Definition: The ceremony or sign that begins the year of Jubilee in the Catholic Church. The Pope (assisted by masons) takes a hammer and breaks open the holy door, symbolizing the availability of spiritual benefits that can accrue during the year of Jubilee. [According to tradition, Pope Sylvester (at the request of Constantine) offered sanctuary and immunity from punishment to anyone who crossed the threshold of the puerta tarpea at the Lateran]. After breaking open the door, the Pope is the first to go through, followed by the other celebrants. At the end of the Jubilee year, a closing ceremony is performed. The relics of Veronica and the Lance are publicly venerated, the bricks are blessed by the Pope, and the door is cemented shut. After the ceremony in 1975, a special bronze door was erected so that the breaking of the bricked door is no longer necessary for future jubilees.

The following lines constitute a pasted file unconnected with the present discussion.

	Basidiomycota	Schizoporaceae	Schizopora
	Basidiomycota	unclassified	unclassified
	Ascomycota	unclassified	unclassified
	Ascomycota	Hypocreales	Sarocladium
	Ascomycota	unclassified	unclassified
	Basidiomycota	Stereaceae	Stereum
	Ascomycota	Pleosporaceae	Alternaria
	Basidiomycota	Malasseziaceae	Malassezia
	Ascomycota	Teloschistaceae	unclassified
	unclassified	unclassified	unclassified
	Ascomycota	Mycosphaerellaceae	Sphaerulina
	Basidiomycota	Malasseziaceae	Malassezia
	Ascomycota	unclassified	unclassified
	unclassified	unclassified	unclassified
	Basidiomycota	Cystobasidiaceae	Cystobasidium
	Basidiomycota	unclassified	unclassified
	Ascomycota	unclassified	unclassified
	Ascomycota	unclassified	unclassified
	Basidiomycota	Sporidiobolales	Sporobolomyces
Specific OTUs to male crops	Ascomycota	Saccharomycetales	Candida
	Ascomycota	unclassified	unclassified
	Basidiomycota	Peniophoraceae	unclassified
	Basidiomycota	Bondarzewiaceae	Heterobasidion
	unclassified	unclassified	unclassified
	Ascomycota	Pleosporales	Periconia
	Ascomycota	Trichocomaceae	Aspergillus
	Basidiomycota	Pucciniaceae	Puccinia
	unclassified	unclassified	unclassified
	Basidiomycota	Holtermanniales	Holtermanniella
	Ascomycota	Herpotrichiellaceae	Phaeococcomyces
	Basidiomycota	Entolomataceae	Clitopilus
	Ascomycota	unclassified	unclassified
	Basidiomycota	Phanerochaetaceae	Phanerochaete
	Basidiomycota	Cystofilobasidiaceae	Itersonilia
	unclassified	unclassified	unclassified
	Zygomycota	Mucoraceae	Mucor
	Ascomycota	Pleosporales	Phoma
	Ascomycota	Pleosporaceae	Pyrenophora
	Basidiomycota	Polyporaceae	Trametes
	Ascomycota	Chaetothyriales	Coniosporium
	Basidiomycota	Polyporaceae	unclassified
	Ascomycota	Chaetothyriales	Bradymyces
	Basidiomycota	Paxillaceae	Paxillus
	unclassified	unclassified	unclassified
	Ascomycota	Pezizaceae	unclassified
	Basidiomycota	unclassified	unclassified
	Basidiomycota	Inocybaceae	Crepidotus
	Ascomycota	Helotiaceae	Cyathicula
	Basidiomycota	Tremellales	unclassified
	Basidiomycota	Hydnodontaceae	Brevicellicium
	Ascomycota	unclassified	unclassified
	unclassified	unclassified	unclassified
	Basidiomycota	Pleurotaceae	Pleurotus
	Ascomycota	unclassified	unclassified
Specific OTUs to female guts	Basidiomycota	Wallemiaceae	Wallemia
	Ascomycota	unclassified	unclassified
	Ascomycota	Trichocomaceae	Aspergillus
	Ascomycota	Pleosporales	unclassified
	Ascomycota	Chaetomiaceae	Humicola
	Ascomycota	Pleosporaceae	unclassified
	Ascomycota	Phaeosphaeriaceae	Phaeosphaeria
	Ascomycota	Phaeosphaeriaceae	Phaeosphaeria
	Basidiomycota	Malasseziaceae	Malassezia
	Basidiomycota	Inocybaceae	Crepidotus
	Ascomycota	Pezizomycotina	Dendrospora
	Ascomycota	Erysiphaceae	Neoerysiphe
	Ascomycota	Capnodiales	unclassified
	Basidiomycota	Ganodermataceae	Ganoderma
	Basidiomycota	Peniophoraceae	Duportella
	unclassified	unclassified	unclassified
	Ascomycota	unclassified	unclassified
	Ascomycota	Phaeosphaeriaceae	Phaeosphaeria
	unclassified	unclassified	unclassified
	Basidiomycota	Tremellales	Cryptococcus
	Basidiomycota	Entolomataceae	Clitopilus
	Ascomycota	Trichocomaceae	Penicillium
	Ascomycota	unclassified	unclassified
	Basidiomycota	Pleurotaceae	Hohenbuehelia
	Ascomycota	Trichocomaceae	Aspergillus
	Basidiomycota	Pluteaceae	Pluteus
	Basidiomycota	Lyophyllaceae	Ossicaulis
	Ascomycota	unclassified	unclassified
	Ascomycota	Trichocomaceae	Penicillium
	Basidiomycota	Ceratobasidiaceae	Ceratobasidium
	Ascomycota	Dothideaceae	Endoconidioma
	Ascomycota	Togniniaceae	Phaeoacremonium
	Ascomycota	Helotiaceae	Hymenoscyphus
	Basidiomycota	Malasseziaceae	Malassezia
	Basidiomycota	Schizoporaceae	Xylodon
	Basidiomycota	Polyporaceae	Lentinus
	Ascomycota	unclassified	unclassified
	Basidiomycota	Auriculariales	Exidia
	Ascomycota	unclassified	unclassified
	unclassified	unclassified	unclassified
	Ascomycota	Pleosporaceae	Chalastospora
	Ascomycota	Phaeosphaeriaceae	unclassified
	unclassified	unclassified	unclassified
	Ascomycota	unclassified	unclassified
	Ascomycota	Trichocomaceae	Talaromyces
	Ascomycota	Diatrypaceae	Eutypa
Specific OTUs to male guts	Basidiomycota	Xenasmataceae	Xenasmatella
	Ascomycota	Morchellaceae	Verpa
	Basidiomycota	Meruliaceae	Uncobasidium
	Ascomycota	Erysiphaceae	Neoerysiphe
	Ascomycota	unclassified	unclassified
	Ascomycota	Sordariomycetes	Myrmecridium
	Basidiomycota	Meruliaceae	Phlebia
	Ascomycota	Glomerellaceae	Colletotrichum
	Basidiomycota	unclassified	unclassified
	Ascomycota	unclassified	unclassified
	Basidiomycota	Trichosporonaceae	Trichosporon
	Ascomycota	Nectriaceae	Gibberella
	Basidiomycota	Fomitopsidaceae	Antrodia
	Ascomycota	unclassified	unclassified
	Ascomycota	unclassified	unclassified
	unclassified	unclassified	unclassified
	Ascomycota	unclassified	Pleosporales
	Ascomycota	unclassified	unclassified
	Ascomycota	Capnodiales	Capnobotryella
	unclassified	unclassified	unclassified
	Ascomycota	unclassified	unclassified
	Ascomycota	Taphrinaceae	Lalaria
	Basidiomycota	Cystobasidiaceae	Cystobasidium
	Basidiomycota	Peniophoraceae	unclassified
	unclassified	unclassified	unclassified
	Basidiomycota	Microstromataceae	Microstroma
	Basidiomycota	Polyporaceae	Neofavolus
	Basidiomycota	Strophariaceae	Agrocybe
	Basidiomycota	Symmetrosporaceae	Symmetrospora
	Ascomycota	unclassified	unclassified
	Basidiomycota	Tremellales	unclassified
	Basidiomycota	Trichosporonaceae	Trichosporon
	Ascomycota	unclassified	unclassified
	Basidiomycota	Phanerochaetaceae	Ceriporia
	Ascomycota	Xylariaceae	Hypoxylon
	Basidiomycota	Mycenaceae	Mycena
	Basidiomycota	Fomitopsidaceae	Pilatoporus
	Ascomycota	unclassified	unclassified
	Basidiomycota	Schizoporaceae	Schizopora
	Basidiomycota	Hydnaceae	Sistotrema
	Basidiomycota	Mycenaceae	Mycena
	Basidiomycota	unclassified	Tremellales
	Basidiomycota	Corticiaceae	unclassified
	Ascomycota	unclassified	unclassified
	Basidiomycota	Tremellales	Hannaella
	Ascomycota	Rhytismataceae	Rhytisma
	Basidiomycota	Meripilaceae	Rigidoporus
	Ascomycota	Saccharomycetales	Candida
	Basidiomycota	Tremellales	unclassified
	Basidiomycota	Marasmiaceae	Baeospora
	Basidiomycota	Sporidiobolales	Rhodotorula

Discussion: Jesus says that He is the door. Anyone who enters through Jesus is saved from their sin, and will have abundant and eternal life (Jn. 10:9-10). The Holy Door of the Catholic Church is another way that the Pope usurps the authority of Jesus, and denies the sufficiency of His atonement on the Cross.
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